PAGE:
I'm a full time Drupal developer at Code Koalas a mostly Drupal shop based out of Kansas City, and I use Linux as my full time desktop environment. I started playing with Linux as early as 2008 when I download Ubuntu 8.04 Hardy Heron to get away from Windows Vista on my desktop computer that wasn't good enough to properly run Vista. I had also installed it on some old laptops for fun or friends and obviously had and used many Linux servers for work and fun but it never stuck for my desktop until 2017 when I installed Arch Linux on my work laptop a 2015 MacBook Pro. No this isn't simply a "I use Arch BTW" post, though I do use Arch and suggest that or Manjaro for people over Ubuntu for reasons, I hope to show the reasons I choose Linux in the first place and why it's still what I use today.
A Better Window Manager
On Mac windows just float wherever they like, and though I am a fan of their multiple spaces and swiping between them there is always just a mess of windows everywhere. For work I at a minimum always have at least have the following open; Firefox, Slack, a terminal, and PHPStorm. In that I might have multiple tabs and windows of both Firefox and the terminal open. So I'm at a minimum of four windows but probably more like six plus. I don't like using Apple's full screen mode (not sure why, I'm just picky) but my programs are pretty much always full screened. So I was having to use gestures all the time swiping every which way to get to the window I wasted to keep working.
I started using Phoenix which is an i3 like Window manager for Mac to give you keyboard shortcuts to move windows and make them sticky, it worked but wasn't exactly what I needed. I didn't want something like i3 that is a hack on top of Mac's window manager I just wanted i3.
So Why i3?
Mostly I decided I needed a Tiling Window Manager. A Tiling Window Manager is a window manager with an organization of the screen into mutually non-overlapping frames, as opposed to the more popular approach of coordinate-based stacking of overlapping objects. That means that windows never overlap each other, they all get their own place on the screen in a nice orderly way. I choose i3 over some of the other window managers because I knew someone with that and they were willing to share their config with me.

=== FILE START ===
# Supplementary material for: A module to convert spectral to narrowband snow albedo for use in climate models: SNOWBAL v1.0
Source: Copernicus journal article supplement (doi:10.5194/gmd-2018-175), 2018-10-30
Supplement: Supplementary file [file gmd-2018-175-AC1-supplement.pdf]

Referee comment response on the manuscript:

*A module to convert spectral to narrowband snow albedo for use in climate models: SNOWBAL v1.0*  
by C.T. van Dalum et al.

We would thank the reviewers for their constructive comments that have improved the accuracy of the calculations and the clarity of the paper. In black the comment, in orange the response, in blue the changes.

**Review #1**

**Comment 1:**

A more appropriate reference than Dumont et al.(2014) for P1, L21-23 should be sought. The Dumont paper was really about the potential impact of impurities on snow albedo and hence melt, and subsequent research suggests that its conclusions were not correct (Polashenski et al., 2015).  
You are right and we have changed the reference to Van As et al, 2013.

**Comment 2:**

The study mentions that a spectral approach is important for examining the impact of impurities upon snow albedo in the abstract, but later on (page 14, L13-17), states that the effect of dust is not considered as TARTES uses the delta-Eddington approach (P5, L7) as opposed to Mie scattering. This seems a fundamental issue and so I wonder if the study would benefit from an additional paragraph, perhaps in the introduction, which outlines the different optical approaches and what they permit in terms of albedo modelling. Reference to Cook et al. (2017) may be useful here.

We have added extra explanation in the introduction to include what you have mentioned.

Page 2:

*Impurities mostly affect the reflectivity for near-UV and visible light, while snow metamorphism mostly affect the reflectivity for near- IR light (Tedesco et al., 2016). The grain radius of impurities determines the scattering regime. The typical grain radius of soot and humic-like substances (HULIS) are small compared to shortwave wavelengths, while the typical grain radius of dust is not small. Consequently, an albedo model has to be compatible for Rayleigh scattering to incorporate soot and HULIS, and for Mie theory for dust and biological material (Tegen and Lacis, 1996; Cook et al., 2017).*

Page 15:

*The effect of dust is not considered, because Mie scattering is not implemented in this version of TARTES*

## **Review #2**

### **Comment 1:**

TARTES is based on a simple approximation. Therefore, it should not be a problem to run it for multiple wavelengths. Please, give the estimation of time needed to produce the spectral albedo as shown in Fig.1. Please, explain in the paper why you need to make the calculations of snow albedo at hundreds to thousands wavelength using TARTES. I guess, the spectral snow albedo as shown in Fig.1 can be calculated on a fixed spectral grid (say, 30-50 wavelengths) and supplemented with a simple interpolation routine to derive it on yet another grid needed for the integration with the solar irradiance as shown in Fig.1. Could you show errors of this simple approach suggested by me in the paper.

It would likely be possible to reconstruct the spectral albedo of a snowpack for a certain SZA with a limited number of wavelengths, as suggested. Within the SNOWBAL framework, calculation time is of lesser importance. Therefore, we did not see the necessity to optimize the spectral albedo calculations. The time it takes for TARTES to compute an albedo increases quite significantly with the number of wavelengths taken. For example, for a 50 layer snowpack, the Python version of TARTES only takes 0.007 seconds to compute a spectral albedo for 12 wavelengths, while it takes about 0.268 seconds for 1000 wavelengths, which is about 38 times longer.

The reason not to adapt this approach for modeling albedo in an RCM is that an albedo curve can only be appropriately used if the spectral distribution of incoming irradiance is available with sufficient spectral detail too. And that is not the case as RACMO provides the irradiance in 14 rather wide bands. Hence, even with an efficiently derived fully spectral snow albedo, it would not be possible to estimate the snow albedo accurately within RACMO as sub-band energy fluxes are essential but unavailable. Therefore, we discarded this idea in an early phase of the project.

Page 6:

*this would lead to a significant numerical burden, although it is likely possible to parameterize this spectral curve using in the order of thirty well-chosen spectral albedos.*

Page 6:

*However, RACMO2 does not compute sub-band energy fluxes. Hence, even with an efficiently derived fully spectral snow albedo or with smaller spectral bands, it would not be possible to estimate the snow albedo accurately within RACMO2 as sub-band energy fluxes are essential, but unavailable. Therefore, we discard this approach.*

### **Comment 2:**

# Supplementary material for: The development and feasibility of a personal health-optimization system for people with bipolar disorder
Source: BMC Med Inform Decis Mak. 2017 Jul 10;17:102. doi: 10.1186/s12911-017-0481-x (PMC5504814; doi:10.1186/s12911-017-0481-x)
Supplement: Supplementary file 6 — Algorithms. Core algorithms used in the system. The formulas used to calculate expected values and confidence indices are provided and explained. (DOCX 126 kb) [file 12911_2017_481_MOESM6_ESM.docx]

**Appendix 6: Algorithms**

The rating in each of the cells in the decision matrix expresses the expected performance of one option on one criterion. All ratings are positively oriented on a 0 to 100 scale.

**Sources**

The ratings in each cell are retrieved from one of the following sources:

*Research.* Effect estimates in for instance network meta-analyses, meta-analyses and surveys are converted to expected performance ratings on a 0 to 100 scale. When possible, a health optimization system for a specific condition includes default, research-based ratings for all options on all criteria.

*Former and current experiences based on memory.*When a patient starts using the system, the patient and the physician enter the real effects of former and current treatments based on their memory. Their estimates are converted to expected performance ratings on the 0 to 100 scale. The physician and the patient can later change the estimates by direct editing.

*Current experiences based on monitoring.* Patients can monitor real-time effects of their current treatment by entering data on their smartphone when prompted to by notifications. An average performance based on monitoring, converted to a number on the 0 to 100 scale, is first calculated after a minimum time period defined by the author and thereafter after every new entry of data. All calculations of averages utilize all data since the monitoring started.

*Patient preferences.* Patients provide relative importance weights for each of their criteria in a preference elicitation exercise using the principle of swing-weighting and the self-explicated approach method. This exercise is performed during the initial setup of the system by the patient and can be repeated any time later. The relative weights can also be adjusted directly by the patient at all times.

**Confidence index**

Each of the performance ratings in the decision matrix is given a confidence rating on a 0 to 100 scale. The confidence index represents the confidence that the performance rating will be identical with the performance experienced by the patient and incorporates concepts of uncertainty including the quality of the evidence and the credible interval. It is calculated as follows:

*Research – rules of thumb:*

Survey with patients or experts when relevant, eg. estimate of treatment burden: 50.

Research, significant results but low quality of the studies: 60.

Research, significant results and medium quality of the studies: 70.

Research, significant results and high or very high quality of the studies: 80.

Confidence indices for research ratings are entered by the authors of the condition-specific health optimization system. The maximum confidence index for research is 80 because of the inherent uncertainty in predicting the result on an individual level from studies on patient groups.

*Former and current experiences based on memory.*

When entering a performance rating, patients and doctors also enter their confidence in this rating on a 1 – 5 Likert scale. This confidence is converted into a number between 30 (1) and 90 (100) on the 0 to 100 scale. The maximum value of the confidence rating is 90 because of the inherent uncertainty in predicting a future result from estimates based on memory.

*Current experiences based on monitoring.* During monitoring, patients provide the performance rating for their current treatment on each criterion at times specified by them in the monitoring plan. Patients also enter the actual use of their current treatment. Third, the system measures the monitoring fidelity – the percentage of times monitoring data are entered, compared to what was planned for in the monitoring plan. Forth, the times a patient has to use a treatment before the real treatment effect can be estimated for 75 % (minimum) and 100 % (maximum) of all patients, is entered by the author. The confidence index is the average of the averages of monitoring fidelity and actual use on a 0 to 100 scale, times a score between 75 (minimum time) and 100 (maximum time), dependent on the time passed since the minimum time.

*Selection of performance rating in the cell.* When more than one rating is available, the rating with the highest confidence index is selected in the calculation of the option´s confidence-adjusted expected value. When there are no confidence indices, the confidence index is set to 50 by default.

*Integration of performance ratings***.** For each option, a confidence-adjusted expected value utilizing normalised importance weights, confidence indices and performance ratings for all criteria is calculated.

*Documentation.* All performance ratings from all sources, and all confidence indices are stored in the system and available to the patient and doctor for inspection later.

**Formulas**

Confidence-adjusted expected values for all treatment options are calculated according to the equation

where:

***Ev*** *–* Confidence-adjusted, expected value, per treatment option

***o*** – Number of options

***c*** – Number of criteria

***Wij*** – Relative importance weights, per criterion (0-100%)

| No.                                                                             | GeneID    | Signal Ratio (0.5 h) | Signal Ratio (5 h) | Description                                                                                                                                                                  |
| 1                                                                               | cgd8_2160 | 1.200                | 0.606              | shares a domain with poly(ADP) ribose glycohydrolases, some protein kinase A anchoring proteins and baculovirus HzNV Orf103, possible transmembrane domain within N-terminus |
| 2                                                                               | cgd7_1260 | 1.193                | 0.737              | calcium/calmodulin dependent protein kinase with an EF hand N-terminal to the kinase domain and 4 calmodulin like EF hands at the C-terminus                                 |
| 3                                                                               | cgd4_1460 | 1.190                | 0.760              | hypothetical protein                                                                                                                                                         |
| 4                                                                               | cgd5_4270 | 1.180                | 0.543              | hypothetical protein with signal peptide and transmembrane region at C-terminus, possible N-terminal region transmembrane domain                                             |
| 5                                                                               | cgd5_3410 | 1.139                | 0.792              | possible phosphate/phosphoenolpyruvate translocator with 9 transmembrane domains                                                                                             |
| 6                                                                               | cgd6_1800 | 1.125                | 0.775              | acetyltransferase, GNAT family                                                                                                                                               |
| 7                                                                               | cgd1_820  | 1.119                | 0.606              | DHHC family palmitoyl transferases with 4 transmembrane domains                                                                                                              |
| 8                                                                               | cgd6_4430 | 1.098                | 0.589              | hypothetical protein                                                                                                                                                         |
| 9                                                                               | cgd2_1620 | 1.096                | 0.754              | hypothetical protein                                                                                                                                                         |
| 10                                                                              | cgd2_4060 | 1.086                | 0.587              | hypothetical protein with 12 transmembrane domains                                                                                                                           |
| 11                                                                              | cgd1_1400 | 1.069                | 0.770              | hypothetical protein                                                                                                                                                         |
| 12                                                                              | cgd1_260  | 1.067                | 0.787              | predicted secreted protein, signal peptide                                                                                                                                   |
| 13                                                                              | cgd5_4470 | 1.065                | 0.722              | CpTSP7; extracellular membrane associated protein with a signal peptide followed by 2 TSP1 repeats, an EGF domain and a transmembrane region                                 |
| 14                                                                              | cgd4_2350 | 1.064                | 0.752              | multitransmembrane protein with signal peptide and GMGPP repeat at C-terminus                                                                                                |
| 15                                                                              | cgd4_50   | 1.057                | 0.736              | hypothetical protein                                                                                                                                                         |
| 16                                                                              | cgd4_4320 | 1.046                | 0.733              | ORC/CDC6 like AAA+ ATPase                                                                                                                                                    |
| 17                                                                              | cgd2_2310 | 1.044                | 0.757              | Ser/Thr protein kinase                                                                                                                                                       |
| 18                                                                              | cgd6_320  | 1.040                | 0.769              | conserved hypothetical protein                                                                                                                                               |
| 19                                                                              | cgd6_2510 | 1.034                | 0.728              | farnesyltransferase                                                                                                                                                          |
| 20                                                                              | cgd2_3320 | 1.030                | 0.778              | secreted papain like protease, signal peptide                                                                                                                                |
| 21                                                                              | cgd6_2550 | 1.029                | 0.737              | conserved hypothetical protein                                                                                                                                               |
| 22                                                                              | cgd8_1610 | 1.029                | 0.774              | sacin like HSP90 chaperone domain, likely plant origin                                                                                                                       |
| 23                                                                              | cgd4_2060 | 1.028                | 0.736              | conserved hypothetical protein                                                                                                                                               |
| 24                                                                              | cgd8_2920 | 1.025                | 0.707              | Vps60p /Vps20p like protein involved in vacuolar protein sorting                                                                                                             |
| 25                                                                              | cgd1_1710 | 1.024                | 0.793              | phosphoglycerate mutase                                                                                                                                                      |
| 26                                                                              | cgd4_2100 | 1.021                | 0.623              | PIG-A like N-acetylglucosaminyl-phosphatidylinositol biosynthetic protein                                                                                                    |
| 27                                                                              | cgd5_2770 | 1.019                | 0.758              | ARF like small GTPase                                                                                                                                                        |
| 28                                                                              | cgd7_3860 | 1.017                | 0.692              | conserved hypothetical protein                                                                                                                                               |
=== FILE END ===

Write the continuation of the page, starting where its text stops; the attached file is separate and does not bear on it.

With i3 I was now able to press a command to open Rofi and open any program I wanted (Think Macs Spotlight), press a key combination to move a window to a different screen or workspace, have windows always fall into the place I expected them to, and press a key combination to move workspaces. Now I can work mostly with my hands staying on my keyboard and I don't have to click around all day and swipe my fingers to find the windows I want. If you too would like to get started with i3 you can take a peak at my dotfiles repo with my config in it.
I have now switched away from i3 to Sway for reasons but Sway aims to be a drop in replacement for i3 so configs can be shared but it out of the box does a lot of things nicer and runs on Wayland instead of X.
Faster Local Development
Like a lot of people in 2019 we run all of our sites on Docker, and have been for the past couple years. Docker is great and has made my life so much easier. At Code Koalas we don't just run Docker on our servers for live sites we also run those same Docker containers locally to build our sites. The great thing about this is that everyone is running the same version of PHP and has things setup the way that the stage and prod environments do. The bad thing about this is Docker for both Windows and Mac is terribly slow and buggy. Docker is meant to run on Linux servers so it runs best there and everywhere else it works but not well. Running Linux as my desktop computer means that I have the same great version of Docker running millions of services on my computer running my local sites.